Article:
In a brief meeting on July 5, Asheville City Council passed resolutions that keep a proposed bond referendum on schedule for a possible appearance on the general election ballot in November.
City Council will consider a light agenda at 5 p.m. on July 5. The meeting is necessary to keep a potential city bond referendum on track for inclusion on the November 8 general election ballot.
The city of Asheville hires a professional polling firm to survey 400 registered Asheville voters on attitudes toward the proposed bond referendum and the projects it could fund.
“As a resident, property owner and voter in Asheville, I vehemently oppose [state Sen.] Tom Apodaca’s plan to force district elections on our city.”
City Council approved four rezoning requests at its regular meeting on June 28, including a 272-unit apartment complex on Mills Gap Road that generated considerable public opposition when it was first proposed. Developer Rusty Pulliam appeared to have won over many members of the community by adding traffic mitigation measures at the intersection of Mills Gap and Sweeten Creek roads, delaying construction until 2018 and by committing 15 percent of the units as affordable housing for 15 years.
The total price tag of the rough draft for the proposed Asheville bond referendum stands at $74 million after a bond work session on Tuesday, June 28, though several Council members said they were hoping to trim that figure to an eventual bond amount of $40 to $60 million.
City Council will hold two meetings on Tuesday, June 28: at 10 a.m., a work session on the proposed city bond referendum and, at 5 p.m., its regular bi-weekly meeting.
Sen. Tom Apodaca (R) has filed legislation in the North Carolina Senate to establish district elections for Asheville City Council. The bill creates six electoral districts and specifies that each district will elect one representative who lives in that area. The city’s mayor would continue to be elected by a city-wide vote.
“The fact is the City Council is divided on the how much and what direction growth should take in the Land of Sky.”
Regulations intended to provide more city control over street musicians and performers are once again on the Public Safety Committee’s agenda. The committee will host a Downtown Public Space Management Forum on Wednesday, June 22 at 3 p.m. in the U.S. Cellular Center Banquet Hall.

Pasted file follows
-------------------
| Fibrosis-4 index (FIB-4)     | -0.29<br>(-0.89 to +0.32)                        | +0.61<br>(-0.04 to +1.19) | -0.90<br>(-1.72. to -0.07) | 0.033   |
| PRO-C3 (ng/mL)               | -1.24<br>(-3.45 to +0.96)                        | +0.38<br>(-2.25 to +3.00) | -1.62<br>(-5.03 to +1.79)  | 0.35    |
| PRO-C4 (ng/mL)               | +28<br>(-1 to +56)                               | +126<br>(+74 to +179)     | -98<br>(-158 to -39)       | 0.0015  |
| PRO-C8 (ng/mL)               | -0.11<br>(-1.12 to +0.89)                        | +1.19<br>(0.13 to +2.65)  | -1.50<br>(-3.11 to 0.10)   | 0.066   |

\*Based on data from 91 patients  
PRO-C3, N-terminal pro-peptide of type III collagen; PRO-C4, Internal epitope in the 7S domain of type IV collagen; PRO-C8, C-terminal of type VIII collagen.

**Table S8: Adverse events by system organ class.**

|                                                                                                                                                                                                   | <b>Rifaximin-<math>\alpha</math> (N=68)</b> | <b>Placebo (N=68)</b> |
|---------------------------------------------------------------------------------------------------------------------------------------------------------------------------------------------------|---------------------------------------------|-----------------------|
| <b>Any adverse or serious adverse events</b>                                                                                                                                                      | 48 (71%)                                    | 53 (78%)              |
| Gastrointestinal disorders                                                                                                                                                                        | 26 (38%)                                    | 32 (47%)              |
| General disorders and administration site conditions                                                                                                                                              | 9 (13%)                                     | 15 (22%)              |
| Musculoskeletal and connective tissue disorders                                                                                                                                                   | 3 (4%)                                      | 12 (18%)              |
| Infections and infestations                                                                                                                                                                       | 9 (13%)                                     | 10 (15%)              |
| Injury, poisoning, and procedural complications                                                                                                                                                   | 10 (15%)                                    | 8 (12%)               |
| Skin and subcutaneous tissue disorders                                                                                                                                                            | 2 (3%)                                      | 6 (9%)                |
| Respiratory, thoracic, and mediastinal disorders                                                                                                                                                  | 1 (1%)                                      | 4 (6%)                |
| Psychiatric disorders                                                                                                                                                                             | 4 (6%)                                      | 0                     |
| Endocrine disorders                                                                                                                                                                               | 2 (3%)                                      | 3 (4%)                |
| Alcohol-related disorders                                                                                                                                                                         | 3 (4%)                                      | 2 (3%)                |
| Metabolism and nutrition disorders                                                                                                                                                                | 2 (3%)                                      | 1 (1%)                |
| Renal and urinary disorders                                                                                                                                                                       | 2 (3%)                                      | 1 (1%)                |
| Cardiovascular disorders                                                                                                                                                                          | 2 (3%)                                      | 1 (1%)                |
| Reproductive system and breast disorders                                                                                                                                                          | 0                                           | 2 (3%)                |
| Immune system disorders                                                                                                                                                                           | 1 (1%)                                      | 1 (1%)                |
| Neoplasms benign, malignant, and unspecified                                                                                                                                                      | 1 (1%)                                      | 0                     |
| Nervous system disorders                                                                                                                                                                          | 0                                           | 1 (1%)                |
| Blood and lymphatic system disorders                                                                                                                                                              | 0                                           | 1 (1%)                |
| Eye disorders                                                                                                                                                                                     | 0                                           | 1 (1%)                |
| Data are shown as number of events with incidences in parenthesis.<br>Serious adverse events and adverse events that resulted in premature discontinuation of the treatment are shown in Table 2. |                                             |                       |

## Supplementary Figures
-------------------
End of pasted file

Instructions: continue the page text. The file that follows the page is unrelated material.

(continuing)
Kirk Ross of Carolina Public Press spoke with Sen. Tom Apodaca of Hendersonville about the retiring seven-term lawmaker’s plans to propose legislation that would change the way Asheville city officials are elected.
The Governance Committee of City Council voted on Monday, June 13 to move forward with exploring a potential city bond referendum that would appear on November’s general election ballot.
At its June 14 meeting, City Council will vote on Asheville’s municipal budget for the upcoming fiscal year, which begins on July 1. Council will also hear an update on the I-26 Connector project and will consider a rezoning request related to a proposed 290-unit apartment development off of Long Shoals Road.
“Eminent domain as a legal concept is one of the last remaining vestiges of European feudal societies. Despite its popularity with the likes of Donald Trump, it has no place in the 21st century.”
“Did any of them actually get inside the mansion to express their concerns about HB2 to the governor?”
“Can someone explain to me how it changes the complexion of my neighborhood if a tourist parks in my gravel lot and enters the rear ADU building instead of entering my home?”
“There must be other avenues City Council could consider that allow responsible property owners with STRs a much-needed income.”
Asheville’s last comprehensive city plan was completed in 2003. Since then, the city has gained 16,000 residents and embarked on a wide range of revitalization, infrastructure and multimodal transportation projects. Now it’s time to begin a new planning process that will span a year and a half and involve a broad cross-section of the city’s residents.
Short-term rental issues returned to Council chambers as the city’s elected officials considered allowing the use of accessory units for homestays. While Council decided not to approve the proposed expansion of the homestay program, it will appoint a task force to study the issue and make recommendations.
In December last year, City Council directed city staff to analyze the potential impact of expanding the city’s homestay program for short-term rentals to separate living units known as ADUs. Six months later, much more information is available, but little if any consensus has emerged from the process. On May 17, Council will vote on a measure to allow homestays in ADUs, but the outcome of that vote is up in the air, meaning that another long night of testimony on the issue seems inevitable.